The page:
When you’re enjoying a great slice of pizza, you’re probably not thinking about the vitamins, minerals, and other nutrition it provides: the lycopene in the tomato sauce, iron in the meat, calcium in the cheese. Or the carbs, fat, and protein that help your body run.

Basically, your diet is like your medicine cabinet. Every time you reach for an apple, chips, or peanut butter, it’s like taking a drug that’s promoting health or hurting it.

Eating a well-balanced diet is an important part of remaining healthy as you age. It can help you maintain a healthy weight, stay energized, and get the nutrients you need.

Nutrition has a huge impact on the physical health and well-being of older adults. Many people may not realize that nutrition needs vary depending on a person’s age. Just like toddlers have different dietary needs than teenagers, nutritional needs for older folks are different than that of young adults.

As people age their metabolism slows down, so you need fewer calories than before. Your body also needs more of certain nutrients. That means it’s more important than ever to choose foods that give you the best nutritional value.

Poor nutrition can lead to undesired weight loss and jeopardize the immune system, making a senior more susceptible to infections like the common cold or the flu.

Older adults need the same nutrients as their younger selves, but in differing amounts. In fact, some nutrients are needed in increased amounts. The challenge is to develop an eating plan that supplies plenty of nutrients but not too many calories.

Eat foods that are rich in fiber, vitamins, minerals, and other nutrients. Limit foods that are high in processed sugars, saturated and trans fats, and salt. You may also have to adjust your diet to manage chronic health conditions.

The Food Guide Pyramid is a helpful guide for your food choices. Daily calorie needs vary depending on age and activity level, but for many older adults 1,600 calories will meet energy needs.

Calcium is important at any age and may need special emphasis as you grow older. Calcium is a mineral that builds strong bones and helps prevent osteoporosis. Eat at least two to three servings of calcium-rich foods every day. Low-fat milk, yogurt and cheese are good choices. Some dark green, leafy vegetables, canned salmon with edible bones, tofu made with calcium sulfate, and calcium fortified soy milk can add a significant amount of calcium to your diet. In addition, do some weight bearing exercise like walking for a total of 30 minutes each day.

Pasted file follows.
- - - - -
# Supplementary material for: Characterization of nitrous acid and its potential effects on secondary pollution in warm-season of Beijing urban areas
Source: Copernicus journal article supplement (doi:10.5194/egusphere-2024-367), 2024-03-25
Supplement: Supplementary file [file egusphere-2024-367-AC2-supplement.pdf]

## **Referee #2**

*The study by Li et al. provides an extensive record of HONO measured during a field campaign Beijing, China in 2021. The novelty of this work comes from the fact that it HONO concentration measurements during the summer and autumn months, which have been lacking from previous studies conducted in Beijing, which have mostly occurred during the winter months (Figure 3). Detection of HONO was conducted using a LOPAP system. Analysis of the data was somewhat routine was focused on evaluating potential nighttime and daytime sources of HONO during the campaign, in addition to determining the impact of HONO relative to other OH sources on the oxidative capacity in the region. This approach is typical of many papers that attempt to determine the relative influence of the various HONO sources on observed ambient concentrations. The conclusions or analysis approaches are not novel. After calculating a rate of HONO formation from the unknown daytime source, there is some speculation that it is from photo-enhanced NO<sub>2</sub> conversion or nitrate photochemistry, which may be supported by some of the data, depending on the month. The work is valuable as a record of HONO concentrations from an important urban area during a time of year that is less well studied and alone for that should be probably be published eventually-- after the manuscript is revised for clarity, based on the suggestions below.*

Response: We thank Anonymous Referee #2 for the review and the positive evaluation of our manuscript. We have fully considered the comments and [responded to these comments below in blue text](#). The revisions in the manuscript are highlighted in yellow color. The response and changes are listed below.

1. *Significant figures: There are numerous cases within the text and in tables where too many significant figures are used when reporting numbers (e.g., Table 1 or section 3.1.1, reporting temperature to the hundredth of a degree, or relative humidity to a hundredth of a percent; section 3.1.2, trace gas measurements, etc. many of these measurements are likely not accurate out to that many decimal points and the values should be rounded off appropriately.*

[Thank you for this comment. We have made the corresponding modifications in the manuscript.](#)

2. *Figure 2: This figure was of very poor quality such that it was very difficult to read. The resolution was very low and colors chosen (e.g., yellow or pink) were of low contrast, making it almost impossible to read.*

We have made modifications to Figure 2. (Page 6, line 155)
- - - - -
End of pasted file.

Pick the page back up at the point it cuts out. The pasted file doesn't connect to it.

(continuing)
A good daily dose of dietary fiber is a great way to start each day. High-fiber foods are generally low in fat and calories yet packed with essential minerals and vitamins that promote healthy bodily functions.

Numerous studies have proven that fibrous foods help older adults age healthier because they lead to lower cholesterol, control blood sugar levels, normalize bowel movements, and help them manage a healthy weight. Fiber is found in a lot of foods — fruits, vegetables, nuts, legumes, grains, and cereals — so it’s easy to add to daily meals.

Try eating these super foods on a regular basis for optimal health benefits. A super food is like a bundle of goodness, packed with nutrients that have health benefits.

Berries: These are a great superfood, loaded with antioxidants, vitamins, and minerals. According to research, eating berries may help prevent and control cardiovascular disease and boost brain health. Frozen berries are readily available year-round.

Fish: Loaded with omega 3s, fish like salmon and sardines have a lot of the fatty acids that your body needs to stay heart healthy.

Yogurt: Low-fat yogurt is an ideal way to get the calcium your body needs to maintain healthy bone density, as well as some of the proteins you need too. Also, yogurt can be very helpful in regulating digestion.

Tomatoes: Chock full of lycopene, a natural anti-cancer chemical, you can also derive other fabulous vitamins and minerals. Some studies suggest that you’re better off with cooked tomatoes, as the cooking process releases more lycopene.

Legumes: Black beans, chickpeas, cannellini beans, lentils, split peas, kidney beans — they’re all a great source of filling fiber and protein.

Nuts: Omega 3s, fiber, protein and unsaturated fats. A handful of this heart-healthy snack is a great way to supplement a diet.

Don’t forget to hydrate! Water is vital. We’re 60 percent water and if you are dehydrated, your cells won’t work properly. As you age you may not realize that you are thirsty as quickly, leading to dehydration. That can lead to fatigue, cognitive issues (thinking clearly), headaches, constipation and that’s just with mild dehydration. Chronic or severe dehydration can lead to impacts on organs, including the fluid surrounding the brain, joint and muscle damage, an even death.

You can’t stop the aging clock, but you can improve how you feel.